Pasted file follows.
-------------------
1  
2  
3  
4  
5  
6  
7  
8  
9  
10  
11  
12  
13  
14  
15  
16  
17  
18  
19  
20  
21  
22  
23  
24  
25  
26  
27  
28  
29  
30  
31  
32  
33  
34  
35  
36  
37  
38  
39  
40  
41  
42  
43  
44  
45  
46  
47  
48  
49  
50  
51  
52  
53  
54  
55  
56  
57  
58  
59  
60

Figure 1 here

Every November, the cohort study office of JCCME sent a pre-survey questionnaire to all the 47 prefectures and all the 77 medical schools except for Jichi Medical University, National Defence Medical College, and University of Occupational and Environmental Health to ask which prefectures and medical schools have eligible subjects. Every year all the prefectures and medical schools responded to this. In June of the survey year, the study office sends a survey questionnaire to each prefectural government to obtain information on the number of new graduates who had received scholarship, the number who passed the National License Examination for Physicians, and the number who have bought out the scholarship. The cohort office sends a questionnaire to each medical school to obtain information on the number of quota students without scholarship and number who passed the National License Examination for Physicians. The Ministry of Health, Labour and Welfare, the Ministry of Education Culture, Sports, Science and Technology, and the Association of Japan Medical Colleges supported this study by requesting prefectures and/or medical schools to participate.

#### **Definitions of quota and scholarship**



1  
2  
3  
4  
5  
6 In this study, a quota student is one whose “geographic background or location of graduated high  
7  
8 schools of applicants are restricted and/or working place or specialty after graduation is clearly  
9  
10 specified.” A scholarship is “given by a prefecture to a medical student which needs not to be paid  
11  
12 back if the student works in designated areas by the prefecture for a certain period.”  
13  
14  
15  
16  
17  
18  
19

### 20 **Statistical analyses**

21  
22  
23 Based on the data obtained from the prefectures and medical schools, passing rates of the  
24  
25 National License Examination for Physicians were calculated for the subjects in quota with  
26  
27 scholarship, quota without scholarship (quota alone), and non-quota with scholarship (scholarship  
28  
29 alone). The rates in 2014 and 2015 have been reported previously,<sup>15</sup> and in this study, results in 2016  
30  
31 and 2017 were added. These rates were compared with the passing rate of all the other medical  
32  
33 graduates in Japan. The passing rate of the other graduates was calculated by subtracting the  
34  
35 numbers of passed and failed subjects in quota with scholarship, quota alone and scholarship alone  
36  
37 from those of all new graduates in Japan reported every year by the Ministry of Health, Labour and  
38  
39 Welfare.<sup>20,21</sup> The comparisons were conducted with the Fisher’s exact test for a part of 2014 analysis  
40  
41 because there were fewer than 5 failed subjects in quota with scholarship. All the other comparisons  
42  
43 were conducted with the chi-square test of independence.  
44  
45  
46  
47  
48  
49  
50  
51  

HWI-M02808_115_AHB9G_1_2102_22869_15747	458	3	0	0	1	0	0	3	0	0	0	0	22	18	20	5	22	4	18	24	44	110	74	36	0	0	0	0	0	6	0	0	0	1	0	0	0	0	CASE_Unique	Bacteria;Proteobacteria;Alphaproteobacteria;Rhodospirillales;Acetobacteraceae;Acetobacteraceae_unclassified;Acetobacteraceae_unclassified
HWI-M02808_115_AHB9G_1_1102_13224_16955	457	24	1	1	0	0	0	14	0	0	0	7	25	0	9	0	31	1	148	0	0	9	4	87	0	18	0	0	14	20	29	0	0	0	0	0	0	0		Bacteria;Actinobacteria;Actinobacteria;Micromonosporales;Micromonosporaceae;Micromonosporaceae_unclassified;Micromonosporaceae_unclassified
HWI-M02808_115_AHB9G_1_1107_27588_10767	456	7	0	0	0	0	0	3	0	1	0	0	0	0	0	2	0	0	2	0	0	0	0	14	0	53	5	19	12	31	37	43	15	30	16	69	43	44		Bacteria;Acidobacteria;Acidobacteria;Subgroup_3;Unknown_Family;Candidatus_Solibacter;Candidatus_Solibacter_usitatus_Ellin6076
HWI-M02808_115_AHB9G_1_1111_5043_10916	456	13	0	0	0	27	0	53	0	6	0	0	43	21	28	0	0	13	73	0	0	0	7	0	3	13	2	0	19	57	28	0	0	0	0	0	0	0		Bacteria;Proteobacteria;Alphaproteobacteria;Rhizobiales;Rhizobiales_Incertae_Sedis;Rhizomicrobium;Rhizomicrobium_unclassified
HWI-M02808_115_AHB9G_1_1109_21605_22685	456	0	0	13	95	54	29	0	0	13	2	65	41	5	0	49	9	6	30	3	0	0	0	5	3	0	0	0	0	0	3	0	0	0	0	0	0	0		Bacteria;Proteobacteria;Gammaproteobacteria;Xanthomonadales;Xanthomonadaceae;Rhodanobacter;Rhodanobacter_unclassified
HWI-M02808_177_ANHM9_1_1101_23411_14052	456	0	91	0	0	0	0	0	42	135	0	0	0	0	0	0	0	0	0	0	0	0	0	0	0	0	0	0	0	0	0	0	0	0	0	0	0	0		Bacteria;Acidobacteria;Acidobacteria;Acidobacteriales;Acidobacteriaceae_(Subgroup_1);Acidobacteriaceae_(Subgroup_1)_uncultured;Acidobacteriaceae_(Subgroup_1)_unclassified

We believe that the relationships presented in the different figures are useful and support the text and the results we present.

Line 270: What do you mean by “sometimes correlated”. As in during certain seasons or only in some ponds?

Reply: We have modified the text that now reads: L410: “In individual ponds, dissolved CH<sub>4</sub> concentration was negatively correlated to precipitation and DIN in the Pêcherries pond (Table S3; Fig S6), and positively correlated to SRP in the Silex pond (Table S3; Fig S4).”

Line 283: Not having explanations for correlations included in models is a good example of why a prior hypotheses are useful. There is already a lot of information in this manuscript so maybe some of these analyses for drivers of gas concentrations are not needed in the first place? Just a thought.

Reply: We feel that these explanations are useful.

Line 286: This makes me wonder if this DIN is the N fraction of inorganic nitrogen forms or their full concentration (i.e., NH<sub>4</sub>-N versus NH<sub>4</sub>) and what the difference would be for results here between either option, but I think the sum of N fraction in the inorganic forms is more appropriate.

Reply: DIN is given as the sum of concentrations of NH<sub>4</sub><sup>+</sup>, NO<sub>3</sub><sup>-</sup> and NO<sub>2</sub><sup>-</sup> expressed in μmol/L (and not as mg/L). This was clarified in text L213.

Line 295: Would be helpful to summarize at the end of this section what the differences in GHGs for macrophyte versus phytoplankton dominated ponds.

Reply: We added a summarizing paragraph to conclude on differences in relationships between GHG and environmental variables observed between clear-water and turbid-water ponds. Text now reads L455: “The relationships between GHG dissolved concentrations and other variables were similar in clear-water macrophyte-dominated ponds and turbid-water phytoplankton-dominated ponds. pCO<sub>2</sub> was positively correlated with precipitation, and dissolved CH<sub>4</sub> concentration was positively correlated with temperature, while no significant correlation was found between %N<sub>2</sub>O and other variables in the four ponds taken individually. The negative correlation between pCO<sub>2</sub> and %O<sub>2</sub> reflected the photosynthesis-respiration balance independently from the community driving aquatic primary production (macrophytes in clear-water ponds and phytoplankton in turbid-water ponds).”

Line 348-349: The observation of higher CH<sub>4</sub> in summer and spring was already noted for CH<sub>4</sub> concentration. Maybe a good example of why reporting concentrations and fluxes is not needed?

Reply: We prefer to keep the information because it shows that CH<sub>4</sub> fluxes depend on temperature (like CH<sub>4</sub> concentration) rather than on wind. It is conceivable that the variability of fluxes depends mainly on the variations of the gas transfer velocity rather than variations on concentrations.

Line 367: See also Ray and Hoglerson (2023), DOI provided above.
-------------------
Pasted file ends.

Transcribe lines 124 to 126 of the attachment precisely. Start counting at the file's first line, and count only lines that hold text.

Line 283: Not having explanations for correlations included in models is a good example of why a prior hypotheses are useful. There is already a lot of information in this manuscript so maybe some of these analyses for drivers of gas concentrations are not needed in the first place? Just a thought.

Reply: We feel that these explanations are useful.

Line 286: This makes me wonder if this DIN is the N fraction of inorganic nitrogen forms or their full concentration (i.e., NH<sub>4</sub>-N versus NH<sub>4</sub>) and what the difference would be for results here between either option, but I think the sum of N fraction in the inorganic forms is more appropriate.